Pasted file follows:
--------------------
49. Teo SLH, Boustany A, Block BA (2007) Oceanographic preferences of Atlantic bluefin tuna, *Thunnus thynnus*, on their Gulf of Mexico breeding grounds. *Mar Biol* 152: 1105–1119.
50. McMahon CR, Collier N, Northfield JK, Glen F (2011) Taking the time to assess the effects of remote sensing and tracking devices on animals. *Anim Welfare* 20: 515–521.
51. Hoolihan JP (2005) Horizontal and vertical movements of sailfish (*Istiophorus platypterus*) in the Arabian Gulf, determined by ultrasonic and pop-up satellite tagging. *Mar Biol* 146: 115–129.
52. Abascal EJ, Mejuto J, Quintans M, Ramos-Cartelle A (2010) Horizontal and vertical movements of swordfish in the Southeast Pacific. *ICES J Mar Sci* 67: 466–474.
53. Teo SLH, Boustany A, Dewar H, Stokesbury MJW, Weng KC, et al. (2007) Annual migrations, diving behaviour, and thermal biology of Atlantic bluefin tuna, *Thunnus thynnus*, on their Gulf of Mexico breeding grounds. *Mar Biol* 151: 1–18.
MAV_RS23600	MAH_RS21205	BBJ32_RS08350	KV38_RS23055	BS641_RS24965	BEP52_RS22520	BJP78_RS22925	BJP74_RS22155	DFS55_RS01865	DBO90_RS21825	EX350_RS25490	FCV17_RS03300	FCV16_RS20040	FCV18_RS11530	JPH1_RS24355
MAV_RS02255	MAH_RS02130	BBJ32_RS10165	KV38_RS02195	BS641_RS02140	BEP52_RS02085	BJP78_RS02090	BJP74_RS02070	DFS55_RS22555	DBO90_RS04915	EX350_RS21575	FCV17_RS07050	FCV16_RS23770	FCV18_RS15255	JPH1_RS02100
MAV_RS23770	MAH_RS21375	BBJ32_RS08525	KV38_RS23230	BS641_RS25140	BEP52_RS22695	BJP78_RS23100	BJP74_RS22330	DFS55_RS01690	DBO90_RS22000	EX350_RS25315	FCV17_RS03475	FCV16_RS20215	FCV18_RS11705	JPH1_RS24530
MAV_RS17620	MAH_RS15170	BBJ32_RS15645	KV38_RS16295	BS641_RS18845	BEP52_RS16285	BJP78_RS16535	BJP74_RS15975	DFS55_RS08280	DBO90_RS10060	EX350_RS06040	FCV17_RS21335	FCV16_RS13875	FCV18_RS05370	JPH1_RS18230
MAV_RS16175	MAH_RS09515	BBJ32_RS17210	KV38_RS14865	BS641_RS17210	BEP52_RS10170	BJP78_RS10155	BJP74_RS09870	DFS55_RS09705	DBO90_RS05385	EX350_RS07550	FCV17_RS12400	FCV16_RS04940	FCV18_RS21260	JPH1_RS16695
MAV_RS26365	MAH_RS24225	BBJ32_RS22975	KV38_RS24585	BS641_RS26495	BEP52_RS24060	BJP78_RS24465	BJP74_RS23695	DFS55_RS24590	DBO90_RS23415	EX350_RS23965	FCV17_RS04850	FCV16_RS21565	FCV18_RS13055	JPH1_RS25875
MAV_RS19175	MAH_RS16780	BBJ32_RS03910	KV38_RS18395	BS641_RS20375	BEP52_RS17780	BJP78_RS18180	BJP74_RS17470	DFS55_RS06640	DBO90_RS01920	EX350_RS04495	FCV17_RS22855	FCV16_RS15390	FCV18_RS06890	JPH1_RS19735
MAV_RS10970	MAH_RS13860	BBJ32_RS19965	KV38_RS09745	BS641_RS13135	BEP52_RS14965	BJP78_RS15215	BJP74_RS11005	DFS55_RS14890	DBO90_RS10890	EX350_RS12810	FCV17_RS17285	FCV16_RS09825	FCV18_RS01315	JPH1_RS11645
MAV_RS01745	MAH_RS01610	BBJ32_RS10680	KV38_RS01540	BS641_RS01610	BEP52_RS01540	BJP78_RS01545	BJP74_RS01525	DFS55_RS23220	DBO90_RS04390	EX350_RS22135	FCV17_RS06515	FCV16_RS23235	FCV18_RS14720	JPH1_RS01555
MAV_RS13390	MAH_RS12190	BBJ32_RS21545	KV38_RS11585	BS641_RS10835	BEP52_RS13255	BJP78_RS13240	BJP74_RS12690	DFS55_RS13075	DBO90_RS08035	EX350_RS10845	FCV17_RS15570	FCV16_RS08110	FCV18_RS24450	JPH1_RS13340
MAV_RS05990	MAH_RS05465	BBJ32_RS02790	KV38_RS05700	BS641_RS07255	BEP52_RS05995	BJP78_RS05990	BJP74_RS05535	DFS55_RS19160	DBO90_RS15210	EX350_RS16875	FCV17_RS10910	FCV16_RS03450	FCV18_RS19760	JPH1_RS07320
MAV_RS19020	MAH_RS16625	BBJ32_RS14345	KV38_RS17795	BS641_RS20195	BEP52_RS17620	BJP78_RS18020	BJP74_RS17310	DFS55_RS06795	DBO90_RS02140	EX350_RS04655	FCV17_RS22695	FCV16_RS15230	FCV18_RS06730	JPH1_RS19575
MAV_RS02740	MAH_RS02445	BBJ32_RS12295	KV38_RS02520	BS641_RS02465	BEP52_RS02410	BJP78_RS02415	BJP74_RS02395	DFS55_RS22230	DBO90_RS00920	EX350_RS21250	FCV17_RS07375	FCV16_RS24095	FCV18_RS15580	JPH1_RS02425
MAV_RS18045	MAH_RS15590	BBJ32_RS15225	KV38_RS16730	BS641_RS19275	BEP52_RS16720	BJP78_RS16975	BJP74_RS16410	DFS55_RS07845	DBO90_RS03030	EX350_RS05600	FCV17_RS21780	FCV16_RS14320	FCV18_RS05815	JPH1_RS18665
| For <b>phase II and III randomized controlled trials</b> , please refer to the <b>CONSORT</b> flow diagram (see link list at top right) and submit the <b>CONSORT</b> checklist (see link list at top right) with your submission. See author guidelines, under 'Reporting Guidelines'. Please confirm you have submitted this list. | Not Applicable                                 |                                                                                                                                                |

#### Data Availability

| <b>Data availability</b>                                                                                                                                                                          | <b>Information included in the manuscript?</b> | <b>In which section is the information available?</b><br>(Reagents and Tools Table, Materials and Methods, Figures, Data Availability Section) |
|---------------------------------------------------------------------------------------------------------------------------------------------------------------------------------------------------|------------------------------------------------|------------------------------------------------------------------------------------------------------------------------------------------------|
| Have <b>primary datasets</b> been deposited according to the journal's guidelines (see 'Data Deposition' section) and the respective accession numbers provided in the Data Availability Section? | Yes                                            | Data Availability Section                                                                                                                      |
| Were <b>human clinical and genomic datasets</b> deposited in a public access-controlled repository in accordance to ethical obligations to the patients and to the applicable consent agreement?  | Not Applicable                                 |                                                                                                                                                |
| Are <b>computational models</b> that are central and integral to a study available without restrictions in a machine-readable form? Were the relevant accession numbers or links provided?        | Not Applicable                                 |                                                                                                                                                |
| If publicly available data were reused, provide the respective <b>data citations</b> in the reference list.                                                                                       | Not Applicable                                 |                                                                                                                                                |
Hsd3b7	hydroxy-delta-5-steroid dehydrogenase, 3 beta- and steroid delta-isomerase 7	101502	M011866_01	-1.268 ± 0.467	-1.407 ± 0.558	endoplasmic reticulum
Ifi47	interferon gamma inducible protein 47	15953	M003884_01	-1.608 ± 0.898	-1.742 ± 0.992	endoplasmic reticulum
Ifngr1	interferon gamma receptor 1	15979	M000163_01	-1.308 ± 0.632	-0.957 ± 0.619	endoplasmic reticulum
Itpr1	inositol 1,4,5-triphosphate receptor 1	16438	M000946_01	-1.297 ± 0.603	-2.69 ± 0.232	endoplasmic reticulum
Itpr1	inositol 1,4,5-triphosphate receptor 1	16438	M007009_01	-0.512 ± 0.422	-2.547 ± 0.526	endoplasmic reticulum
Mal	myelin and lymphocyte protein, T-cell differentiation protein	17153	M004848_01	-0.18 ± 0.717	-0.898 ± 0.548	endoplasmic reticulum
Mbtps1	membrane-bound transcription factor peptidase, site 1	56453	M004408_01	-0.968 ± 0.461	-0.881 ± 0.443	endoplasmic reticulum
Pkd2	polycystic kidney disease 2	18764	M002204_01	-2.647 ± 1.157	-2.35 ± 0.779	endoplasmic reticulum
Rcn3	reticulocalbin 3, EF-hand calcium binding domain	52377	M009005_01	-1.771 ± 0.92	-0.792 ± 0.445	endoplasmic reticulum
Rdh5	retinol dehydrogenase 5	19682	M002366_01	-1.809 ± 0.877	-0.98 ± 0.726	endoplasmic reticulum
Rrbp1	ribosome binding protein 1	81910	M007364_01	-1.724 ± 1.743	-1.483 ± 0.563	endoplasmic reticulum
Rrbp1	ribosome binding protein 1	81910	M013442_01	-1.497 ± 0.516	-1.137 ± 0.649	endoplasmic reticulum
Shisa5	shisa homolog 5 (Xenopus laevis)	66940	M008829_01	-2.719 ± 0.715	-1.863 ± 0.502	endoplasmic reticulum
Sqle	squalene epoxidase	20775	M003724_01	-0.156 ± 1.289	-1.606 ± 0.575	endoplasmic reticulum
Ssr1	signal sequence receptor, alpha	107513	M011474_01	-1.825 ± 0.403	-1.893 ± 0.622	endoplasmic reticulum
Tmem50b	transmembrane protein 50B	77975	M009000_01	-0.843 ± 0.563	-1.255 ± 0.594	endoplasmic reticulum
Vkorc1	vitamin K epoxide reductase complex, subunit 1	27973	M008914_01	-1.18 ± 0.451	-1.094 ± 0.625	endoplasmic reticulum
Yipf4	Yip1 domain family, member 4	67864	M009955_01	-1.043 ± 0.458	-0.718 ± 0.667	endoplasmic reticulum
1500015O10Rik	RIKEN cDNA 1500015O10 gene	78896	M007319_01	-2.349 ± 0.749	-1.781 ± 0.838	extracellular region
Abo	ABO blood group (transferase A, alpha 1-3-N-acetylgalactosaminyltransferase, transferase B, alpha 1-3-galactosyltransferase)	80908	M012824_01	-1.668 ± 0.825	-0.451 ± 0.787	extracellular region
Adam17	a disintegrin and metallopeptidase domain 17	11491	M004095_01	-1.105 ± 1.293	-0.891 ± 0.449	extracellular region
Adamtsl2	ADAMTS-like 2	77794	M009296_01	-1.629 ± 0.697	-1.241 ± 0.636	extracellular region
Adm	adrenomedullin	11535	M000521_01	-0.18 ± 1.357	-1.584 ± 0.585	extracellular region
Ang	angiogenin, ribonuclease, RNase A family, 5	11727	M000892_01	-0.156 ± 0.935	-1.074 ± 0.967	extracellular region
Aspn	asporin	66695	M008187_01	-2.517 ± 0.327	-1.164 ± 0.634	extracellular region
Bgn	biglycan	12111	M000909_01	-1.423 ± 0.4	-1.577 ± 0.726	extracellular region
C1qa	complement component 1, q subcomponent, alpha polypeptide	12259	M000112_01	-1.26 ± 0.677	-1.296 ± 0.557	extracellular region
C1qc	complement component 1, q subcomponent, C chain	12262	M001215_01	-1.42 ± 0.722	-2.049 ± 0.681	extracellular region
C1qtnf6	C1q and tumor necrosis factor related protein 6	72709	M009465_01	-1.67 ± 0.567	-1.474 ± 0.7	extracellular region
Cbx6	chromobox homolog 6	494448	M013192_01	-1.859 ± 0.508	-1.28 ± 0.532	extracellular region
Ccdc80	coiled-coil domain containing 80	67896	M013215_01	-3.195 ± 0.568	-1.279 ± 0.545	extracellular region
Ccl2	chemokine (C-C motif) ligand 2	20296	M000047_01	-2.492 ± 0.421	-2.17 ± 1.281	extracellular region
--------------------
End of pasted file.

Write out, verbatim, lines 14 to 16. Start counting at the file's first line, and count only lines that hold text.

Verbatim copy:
MAV_RS01745	MAH_RS01610	BBJ32_RS10680	KV38_RS01540	BS641_RS01610	BEP52_RS01540	BJP78_RS01545	BJP74_RS01525	DFS55_RS23220	DBO90_RS04390	EX350_RS22135	FCV17_RS06515	FCV16_RS23235	FCV18_RS14720	JPH1_RS01555
MAV_RS13390	MAH_RS12190	BBJ32_RS21545	KV38_RS11585	BS641_RS10835	BEP52_RS13255	BJP78_RS13240	BJP74_RS12690	DFS55_RS13075	DBO90_RS08035	EX350_RS10845	FCV17_RS15570	FCV16_RS08110	FCV18_RS24450	JPH1_RS13340
MAV_RS05990	MAH_RS05465	BBJ32_RS02790	KV38_RS05700	BS641_RS07255	BEP52_RS05995	BJP78_RS05990	BJP74_RS05535	DFS55_RS19160	DBO90_RS15210	EX350_RS16875	FCV17_RS10910	FCV16_RS03450	FCV18_RS19760	JPH1_RS07320